S-400 and F-35s to be deployed separately: Defense minister

S-400 and F-35s to be deployed separately: Defense minister

S-400 and F-35s to be deployed separately: Defense minister


Turkish Defense Minister Hulusi Akar reiterated on April 15 that Turkey will take precautions to prevent sensitive NATO information from falling into Russian hands following the deployment of a Russian-made S-400 anti-aircraft weapon system.

The U.S. government and other members of the world’s biggest military alliance have repeatedly expressed concerns that the S-400 system could result in a security breach, making it easier for Russia to target NATO aircraft.

U.S. officials have threatened to suspend the sale of fifth-generation F-35 combat jets to Turkey if Ankara goes ahead with the purchase of the S-400 system.

Speaking to reporters in Washington, Akar said the S-400 system will not be integrated with NATO assets.

“S-400s will probably be deployed to protect Ankara or Istanbul while F-35s will be deployed in Malatya,” Akar said.

The Turkish defense minister was in the U.S. capital to attend the American-Turkish Council conference. He was scheduled to meet with Patrick Shanahan, the acting U.S. deputy defense minister, on April 16.

Rebutting the U.S. argument that the S-400 and F-35 jets cannot be deployed in the same territory, Akar noted that Israel has deployed F-35s near Syria in proximity to Russian S-400 anti-aircraft weapon systems. A similar situation is in play in NATO-member Baltic states, he said.

Akar said in contrast to the Americans, the Russians have not raised concerns that the United States would steal sensitive information from the S-400s.

“We tell our American interlocutors: ‘You don’t trust us as much as Russians trust us.’”

Akar also reiterated that the United States should cooperate with Turkey in a safe zone that will be created following the partial withdrawal U.S. soldiers. He said Turkey wants YPG forces to be pushed back at least 30 to 40 kilometers away from Turkish borders.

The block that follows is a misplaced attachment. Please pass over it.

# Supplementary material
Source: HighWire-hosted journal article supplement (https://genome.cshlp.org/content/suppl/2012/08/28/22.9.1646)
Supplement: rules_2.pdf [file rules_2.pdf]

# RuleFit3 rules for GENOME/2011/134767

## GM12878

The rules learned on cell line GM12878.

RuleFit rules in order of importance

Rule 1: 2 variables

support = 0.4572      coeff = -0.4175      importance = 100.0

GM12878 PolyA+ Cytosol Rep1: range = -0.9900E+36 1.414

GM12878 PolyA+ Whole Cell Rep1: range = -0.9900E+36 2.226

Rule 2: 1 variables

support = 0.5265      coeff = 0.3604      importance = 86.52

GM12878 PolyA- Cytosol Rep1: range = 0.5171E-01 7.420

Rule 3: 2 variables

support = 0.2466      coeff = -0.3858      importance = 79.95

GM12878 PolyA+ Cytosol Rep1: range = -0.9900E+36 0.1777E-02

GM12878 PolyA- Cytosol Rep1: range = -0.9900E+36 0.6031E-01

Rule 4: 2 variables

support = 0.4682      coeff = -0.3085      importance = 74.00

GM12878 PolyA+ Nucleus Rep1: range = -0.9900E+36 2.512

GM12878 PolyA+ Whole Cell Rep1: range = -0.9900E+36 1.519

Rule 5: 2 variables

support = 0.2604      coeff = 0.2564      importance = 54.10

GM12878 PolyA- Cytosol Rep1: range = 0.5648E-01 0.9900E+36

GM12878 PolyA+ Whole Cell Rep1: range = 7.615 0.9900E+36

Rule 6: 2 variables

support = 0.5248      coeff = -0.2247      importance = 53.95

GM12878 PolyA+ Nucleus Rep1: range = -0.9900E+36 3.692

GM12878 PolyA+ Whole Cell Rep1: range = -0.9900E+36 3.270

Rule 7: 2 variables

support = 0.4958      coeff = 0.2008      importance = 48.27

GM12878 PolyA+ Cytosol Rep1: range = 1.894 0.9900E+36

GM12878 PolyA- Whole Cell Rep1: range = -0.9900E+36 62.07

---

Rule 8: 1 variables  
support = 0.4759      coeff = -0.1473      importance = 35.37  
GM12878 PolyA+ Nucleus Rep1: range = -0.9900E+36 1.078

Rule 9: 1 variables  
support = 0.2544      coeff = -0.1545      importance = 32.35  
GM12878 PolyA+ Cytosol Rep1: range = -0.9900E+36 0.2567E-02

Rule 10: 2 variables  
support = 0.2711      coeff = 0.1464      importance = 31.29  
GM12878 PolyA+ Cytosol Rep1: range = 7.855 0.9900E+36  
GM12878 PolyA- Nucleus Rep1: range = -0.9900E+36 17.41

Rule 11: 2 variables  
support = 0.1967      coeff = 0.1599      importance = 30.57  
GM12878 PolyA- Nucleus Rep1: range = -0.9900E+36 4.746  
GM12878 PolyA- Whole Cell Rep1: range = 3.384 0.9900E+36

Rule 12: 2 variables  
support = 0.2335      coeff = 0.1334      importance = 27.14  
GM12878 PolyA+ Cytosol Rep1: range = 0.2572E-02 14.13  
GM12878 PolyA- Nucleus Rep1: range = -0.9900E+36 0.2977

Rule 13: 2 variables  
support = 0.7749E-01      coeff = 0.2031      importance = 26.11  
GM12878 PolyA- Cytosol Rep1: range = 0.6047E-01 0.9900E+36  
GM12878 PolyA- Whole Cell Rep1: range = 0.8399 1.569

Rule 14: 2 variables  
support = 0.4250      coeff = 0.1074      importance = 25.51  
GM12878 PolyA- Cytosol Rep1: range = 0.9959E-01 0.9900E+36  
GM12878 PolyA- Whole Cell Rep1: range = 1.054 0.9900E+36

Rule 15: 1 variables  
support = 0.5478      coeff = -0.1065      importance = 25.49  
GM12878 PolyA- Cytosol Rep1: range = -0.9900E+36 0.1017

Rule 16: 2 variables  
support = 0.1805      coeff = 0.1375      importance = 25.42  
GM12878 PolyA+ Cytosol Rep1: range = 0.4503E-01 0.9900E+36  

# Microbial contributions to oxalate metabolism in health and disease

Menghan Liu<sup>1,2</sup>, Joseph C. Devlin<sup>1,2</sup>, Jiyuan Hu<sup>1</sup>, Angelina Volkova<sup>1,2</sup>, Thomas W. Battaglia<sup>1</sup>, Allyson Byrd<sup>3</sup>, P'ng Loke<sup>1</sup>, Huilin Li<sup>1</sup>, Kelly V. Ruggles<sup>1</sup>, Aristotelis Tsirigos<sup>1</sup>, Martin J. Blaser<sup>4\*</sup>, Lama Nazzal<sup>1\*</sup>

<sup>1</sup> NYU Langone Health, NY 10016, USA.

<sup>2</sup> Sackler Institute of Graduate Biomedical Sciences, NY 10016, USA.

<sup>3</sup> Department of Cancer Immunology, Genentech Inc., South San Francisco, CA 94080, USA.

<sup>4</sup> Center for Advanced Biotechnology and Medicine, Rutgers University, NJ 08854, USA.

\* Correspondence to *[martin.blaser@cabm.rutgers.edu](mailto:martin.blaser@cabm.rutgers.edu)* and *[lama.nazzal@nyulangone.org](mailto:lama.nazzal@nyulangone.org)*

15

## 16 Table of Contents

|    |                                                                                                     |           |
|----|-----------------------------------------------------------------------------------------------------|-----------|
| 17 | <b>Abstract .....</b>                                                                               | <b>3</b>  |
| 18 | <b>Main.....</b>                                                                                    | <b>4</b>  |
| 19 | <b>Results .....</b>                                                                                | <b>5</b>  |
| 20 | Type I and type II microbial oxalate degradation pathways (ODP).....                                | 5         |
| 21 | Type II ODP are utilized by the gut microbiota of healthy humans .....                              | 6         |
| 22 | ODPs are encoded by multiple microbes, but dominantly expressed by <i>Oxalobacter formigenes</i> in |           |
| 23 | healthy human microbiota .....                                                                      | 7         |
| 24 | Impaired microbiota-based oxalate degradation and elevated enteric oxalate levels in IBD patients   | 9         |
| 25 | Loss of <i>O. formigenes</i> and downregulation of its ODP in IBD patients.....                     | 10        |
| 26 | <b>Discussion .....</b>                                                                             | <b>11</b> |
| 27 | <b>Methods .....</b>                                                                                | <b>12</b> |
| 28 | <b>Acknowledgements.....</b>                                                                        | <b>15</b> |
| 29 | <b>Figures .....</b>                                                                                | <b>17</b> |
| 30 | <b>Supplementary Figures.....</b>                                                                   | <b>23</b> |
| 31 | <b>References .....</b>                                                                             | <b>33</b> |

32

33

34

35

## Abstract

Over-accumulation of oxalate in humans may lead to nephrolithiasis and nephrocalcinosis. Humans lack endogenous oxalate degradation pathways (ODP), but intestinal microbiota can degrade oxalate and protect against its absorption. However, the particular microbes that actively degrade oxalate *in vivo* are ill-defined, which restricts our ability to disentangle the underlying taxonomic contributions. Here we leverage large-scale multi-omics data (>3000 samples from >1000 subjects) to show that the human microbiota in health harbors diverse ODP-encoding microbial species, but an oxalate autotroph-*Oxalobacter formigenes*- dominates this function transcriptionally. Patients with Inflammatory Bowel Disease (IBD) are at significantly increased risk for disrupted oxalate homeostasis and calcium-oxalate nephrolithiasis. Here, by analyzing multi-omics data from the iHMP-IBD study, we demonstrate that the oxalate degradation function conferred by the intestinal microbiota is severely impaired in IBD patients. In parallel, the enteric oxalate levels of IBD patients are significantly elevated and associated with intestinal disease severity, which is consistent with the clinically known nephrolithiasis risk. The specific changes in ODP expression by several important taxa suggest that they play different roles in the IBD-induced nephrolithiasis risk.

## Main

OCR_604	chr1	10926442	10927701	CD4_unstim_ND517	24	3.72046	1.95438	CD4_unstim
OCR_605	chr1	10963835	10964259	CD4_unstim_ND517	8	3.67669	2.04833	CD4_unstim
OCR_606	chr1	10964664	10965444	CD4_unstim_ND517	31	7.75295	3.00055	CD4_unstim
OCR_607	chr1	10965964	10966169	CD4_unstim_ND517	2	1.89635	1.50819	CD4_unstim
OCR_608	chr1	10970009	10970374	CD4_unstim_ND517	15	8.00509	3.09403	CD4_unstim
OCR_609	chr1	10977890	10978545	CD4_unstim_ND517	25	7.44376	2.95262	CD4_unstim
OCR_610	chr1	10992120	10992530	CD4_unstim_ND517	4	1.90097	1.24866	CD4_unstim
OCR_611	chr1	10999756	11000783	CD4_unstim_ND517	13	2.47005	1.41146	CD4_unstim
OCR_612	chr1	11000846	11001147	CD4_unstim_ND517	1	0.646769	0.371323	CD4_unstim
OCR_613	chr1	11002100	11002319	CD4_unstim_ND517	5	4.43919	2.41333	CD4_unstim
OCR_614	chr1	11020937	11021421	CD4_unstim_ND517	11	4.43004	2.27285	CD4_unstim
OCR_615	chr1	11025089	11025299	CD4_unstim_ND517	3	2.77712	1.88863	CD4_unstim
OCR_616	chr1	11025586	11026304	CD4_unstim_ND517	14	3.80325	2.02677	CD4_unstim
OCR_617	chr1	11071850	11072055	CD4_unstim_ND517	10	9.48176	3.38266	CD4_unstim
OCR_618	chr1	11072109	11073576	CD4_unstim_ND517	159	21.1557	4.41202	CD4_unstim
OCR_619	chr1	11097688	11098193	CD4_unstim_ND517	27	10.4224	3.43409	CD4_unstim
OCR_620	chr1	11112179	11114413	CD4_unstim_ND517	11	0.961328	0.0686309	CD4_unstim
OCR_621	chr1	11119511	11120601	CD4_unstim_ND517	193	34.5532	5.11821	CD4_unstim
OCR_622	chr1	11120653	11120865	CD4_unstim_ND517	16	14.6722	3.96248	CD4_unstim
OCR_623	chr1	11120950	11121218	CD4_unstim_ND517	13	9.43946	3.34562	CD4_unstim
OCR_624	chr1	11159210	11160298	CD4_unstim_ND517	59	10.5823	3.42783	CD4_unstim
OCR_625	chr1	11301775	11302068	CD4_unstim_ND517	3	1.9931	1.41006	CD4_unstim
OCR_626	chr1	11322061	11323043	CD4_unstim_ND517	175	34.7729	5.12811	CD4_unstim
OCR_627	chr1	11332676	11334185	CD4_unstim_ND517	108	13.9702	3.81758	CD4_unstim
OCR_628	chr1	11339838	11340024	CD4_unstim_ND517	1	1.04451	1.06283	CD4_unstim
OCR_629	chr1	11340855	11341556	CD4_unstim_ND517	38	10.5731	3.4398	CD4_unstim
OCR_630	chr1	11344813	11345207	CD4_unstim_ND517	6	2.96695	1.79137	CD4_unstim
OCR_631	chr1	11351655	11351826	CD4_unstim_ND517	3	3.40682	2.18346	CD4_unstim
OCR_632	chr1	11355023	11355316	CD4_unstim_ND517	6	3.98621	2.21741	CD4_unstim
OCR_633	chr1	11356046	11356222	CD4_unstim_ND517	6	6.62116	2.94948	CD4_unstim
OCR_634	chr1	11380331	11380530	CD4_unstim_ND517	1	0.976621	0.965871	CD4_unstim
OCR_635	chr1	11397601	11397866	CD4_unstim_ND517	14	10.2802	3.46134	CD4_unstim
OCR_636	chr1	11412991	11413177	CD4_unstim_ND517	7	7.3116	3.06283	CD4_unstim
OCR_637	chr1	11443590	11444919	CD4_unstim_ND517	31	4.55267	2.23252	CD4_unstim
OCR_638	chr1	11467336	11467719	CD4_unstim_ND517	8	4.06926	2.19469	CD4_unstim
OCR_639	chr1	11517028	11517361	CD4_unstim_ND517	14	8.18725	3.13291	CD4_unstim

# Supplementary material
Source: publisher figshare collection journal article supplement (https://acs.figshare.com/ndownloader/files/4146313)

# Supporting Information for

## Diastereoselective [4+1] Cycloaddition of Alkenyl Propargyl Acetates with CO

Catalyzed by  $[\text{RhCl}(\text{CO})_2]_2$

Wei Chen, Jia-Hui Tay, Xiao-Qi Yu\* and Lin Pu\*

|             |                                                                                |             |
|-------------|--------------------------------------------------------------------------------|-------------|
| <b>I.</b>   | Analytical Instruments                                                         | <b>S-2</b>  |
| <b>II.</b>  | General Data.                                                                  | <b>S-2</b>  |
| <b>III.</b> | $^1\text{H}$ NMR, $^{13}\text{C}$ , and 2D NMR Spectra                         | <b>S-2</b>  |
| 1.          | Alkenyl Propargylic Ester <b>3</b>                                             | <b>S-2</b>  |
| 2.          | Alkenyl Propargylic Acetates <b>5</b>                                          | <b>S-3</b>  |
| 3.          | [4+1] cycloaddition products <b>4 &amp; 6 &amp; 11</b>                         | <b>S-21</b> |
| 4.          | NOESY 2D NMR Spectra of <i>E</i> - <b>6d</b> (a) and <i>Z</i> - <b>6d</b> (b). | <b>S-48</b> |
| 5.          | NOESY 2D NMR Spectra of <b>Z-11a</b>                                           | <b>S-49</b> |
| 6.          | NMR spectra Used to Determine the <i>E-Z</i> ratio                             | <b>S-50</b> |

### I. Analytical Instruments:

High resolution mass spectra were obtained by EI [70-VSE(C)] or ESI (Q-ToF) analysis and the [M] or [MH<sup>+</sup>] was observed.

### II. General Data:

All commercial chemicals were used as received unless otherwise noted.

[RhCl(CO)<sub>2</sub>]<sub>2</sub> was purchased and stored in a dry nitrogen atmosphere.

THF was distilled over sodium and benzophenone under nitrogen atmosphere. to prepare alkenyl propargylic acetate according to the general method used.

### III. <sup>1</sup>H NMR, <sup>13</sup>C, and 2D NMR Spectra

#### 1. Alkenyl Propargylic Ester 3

“They [the YPG] are using model planes to launch attacks on Turkish targets,” he said.

In the meantime, Turkey's relationship with the U.S. needs to be based on trust, common values, and shared interests, Turkish presidential spokesman said on April 15.

İbrahim Kalın said Washington's threats would only damage the relationship at a conference hosted by the American-Turkish Council.       

He addressed some positives between the two countries, such as U.S. President Donald Trump's call to increase the trade volume to $75 billion, but he also discussed an issue that the S-400 issue.  

Excluding Turkey from the F-35 program will not punish Ankara but the entire program said Kalın.       

"We really have to address the issue of trust," he said.       

Kalın said the kind of language involving terms like sanctions will ultimately put a "dent in that relationship."       

"Rather than using the language of threats from sanctions against Turkey, I think the people here in Congress, as well as this administration, should understand Turkey's security concerns," Kalın said.       

"I don't think the United States can afford to lose Turkey," Kalin said.     

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